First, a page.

Remember, many members of the black community were unconvinced of the health benefits of flu shots (a weak promoting pressure), as well as being concerned about their resemblance to medical experimentation (some strong inhibiting pressures).
The scientists came up with 20 possible interventions.
That’s a pretty typical number at this stage of the IDP. It’s also way too many ideas to test, so now the task was to narrow them down to a more feasible number, like five.
One way to do this is to combine as many interventions together as possible.
For example, the scientists reasoned that the black community’s skepticism and concerns about the flu shot all involved a feeling of distrust in one way or another.
They knew that for many members of the community, their most trusted sources of guidance were the leaders of their churches.
So the team had an idea for a possible intervention:
reach out to those leaders and convince them to talk to their congregations about the benefits of the flu shot and to reassure them, thus intervening in multiple pressures at once.
Those are the sort of win-win, combinatory solutions you’re looking for at this stage of the IDP. Once you’ve identified a handful of them, you’ll be ready for the next step.
Step 8: The ethical check
Now that you’ve come up with some possible interventions to promote your target behavior, you’re probably going to be feeling pretty eager to go out into the field and put your ideas into action.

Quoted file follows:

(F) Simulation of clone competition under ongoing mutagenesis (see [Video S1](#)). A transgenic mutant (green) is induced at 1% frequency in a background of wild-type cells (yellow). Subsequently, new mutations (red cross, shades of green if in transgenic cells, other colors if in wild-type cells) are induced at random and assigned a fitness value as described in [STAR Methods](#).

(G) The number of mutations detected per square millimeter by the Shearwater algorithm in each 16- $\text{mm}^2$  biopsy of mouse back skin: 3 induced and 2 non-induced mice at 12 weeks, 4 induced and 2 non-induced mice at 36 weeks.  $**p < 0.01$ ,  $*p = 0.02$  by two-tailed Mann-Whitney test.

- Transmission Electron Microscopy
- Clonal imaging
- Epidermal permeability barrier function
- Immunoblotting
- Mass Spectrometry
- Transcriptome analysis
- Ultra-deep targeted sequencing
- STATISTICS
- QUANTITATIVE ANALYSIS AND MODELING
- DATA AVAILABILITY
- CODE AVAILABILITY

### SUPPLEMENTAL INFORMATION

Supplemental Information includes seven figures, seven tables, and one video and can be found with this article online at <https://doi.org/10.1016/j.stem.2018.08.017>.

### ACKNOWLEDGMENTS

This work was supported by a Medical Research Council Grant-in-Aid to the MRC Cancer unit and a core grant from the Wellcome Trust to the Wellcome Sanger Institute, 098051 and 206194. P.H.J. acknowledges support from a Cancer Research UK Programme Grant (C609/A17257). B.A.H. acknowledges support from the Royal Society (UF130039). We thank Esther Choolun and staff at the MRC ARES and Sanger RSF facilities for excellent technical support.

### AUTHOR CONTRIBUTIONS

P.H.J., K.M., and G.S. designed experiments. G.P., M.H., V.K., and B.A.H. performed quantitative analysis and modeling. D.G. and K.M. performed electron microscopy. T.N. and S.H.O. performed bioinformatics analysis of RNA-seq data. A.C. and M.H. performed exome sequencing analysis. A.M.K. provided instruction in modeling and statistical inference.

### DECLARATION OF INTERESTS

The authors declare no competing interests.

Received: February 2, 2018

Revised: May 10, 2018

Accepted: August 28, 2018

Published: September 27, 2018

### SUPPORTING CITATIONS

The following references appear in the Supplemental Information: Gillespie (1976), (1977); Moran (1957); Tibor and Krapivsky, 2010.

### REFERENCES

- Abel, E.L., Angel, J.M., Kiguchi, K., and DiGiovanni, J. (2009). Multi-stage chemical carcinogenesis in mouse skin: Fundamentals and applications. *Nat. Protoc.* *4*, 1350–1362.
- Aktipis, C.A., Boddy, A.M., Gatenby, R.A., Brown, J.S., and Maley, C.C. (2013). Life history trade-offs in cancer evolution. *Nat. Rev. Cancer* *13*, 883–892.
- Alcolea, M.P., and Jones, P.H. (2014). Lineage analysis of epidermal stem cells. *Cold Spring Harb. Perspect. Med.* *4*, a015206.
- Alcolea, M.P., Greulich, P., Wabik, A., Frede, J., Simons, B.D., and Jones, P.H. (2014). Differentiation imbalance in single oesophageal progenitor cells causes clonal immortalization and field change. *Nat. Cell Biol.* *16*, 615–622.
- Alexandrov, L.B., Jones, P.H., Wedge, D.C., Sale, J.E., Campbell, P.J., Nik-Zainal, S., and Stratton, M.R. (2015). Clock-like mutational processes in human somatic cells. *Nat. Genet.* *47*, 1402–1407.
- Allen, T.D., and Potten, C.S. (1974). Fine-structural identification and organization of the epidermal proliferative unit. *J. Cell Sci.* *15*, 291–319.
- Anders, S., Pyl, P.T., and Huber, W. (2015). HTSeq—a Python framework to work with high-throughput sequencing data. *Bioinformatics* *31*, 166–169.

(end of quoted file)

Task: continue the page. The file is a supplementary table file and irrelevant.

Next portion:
But hold on – before you move forward, you need to hit the pause button and conduct an ethical check.
After all, what you’re setting out to do is to influence people’s behavior.
Now, that can be a good thing; just think of anti-smoking campaigns.
But it can also be a very bad thing, like the ads that glamorized smoking in the first place.
To conduct an ethical test here’s the first question to ask:
What is the behavior you’re trying to promote and does it match the goals and motivations of the population to whom you’re trying to promote it?
If it doesn’t match their goals and motivations, then it would be unethical to move forward with your interventions.
For example, if you were a tobacco company using advertising to convince people to smoke, you’d be trying to manipulate them into doing something that’s contrary to their paramount goal in life: staying alive.
Now, you could try to get around this problem by making the following argument: “Sure, no one wants to be unhealthy or dead – but lots of people want to look cool, and they think that smoking helps them accomplish that objective.
So in this respect, the behavior does match their goals and motivations. We’re just giving people what they want.”
This brings us to our second ethical question:
Do the benefits of the behavior outweigh the costs?
Even if we grant that “looking cool” is a benefit, surely it’s outweighed by the cost of lung cancer and cardiovascular disease that comes with smoking, so promoting this behavior remains unethical.